Five young adult friends from disparate backgrounds living in Germany in 1941 meet — in secret, since one of them is Jewish and therefore subject to a curfew — drink, dance and dare to dream of a shared future and success for all. There is something fascinating about the premise, especially from a Western (U.S.) perspective, dominated by a sense that the only relevant stories from World War II involved either the fighting men and the sacrifices of the men and women on the home front, the trials of Europe under siege or the dark tales of the Holocaust. Rarely do we consider what it was like to be young and German in the Fatherland.
Generation War offers a glimpse at the seemingly forgotten lives of regular Germans, young lovers and strivers with no sense of what Hitler and the Nazis had in store for them or the world at-large. Not surprisingly, these five look and sound like eager, idealistic types from anywhere, at practically any time in human history. There are the two Winter brothers — Wilhelm (Volker Bruch) and Friedhelm (Tom Schilling) — setting off for military service. Wilhelm, the elder, is the chosen one, the hero of the family who will bring honor to their name, while Friedhelm is a more sensitive sort, a reader and likely pacifist conscripted into service, tagging along, and quite likely the one their father wouldn’t miss if he returned in a body bag.
Then there’s starry-eyed Charlotte (Miriam Stein), hopelessly in love with Wilhelm but far too afraid to let him know how she feels. She’s signed up for the nursing corps so she can be stationed at the front lines to support the troops (and maybe have the opportunity to see her heroic guy in between battles).
Such proximity to the war will scar her. And, finally, we have a couple — Greta (Katharina Schüttler), a hardscrabble, beautiful dreamer with a voice and enough moxie to take a chance on stardom, and Viktor Goldstein (Ludwig Trepte), her Jewish lover, the son of a WWI veteran and tailor who imagines himself as German as anyone else, although both of them will come to realize that you cannot be Jewish and German in these times.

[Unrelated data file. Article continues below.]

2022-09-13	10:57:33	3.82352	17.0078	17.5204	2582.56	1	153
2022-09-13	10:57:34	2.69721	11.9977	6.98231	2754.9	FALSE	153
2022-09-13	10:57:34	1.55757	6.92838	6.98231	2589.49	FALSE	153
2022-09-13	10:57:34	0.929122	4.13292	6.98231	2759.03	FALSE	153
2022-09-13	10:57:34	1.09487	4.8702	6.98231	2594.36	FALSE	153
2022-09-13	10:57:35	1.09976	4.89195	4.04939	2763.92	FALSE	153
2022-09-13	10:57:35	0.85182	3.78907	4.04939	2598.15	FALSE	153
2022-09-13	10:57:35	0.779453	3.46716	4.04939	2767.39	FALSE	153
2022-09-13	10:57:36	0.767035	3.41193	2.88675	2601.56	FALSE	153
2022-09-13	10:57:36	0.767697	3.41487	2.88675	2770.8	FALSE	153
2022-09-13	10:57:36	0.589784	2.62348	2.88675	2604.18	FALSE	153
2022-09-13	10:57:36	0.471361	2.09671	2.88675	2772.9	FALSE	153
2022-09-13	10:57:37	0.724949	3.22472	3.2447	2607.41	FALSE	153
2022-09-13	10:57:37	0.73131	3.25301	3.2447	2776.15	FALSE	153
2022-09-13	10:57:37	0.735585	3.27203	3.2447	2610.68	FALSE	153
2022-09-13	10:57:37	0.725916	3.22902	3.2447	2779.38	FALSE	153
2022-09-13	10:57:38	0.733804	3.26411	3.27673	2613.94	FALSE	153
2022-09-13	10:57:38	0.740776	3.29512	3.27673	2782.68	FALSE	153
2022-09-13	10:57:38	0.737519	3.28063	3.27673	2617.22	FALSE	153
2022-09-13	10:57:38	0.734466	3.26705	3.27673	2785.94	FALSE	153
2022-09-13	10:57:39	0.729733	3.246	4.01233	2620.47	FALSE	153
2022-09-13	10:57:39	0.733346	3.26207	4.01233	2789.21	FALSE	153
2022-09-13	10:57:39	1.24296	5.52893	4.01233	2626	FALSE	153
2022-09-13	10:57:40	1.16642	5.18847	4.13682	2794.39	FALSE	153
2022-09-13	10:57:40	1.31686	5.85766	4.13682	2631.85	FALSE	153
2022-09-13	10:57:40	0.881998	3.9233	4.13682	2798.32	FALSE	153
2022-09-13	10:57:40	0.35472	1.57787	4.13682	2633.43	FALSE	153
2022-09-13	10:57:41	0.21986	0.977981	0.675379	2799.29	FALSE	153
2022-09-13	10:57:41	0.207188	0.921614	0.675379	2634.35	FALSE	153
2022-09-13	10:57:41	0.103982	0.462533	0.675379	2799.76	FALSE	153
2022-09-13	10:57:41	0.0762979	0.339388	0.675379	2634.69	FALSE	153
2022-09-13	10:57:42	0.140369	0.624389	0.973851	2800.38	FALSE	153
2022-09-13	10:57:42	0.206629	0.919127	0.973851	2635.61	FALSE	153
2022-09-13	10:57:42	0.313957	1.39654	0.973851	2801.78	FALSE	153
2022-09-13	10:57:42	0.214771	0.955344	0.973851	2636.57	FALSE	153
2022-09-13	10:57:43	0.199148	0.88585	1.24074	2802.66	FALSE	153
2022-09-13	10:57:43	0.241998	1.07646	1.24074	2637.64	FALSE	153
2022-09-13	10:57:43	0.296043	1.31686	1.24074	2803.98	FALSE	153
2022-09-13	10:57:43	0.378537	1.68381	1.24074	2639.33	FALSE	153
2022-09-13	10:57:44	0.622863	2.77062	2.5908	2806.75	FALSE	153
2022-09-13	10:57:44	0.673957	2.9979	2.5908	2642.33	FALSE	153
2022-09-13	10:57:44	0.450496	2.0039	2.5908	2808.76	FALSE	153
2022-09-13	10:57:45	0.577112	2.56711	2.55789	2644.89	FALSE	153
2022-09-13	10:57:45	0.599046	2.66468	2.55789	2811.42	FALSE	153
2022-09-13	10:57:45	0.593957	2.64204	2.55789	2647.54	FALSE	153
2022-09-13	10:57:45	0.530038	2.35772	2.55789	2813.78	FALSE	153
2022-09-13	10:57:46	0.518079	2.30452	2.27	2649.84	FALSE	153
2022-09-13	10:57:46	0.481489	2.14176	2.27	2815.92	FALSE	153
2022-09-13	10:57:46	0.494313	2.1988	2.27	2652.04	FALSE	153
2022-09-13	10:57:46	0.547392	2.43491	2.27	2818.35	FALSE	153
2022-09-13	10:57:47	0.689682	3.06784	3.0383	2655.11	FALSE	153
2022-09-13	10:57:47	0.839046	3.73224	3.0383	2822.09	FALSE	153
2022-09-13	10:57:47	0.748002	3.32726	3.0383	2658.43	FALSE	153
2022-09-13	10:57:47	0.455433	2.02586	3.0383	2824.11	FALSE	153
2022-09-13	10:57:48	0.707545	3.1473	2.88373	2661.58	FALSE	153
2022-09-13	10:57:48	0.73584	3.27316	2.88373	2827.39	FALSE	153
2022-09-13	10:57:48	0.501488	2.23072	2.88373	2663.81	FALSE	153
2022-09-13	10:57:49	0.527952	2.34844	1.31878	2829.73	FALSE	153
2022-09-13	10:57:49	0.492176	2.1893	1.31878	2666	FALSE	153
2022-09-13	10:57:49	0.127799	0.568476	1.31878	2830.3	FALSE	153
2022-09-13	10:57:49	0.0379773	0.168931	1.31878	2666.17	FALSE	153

As they promise to meet again at Christmas, at the war’s anticipated end, they imagine racing off toward the future together. This is when Generation War really takes off. Separately, each character encounters the harshest of worlds, where their every decision bears the direst of consequences. There is no grey zone, no ambiguity. Hitler’s Germany is a land locked in the extremities of black and white thinking.
Friedhelm takes a beating from his fellow soldiers for not volunteering for assignments in the theater of war, while Wilhelm must execute prisoners, contrary to the accepted rules of engagement, based on the word of his superiors without explanation. Charlotte struggles to adapt to the massive trauma of the battlefield and finds herself morally conflicted when she takes a refugee under her wing who turns out to be Jewish. Greta and Viktor deal with divided loyalties — German and Jewish offset by thoughts of personal ambition and allegiances to lovers, family and humanity — in the face of the escalating rollout of Hitler’s genocidal plans, and the impact on their relationship quickly becomes the least of their concerns.
International critics have rushed to praise Generation War with comparisons to the HBO series Band of Brothers. Having missed that series — one of the few holes in my HBO-centric world — I, instead, must rely on a more humanistic argument to affirm my appreciation for this German narrative. At its best, the story dares to take the focus off defining things from a strictly generational approach. It is devastating to see these fully realized individuals caught up in their own moral quandaries, which resonate even more against the larger backdrop of global political affairs that are beyond their scope.
I would assume that Band of Brothers reduced the war down to a battle to protect the guy in the foxhole next to you; basic human interactions and connections with all of the complexities stripped away. But that story is the one we think we know because it is about us. Generation War offers more than just the perspective from the other side. Wilhelm, Friedhelm, Charlotte, Greta and Viktor force us to question who we might have been and the decisions we would have made under less beautiful conditions. This truly is the story of a generation of individuals at war without the burden of national pride. Grade: A (tt stern-enzi)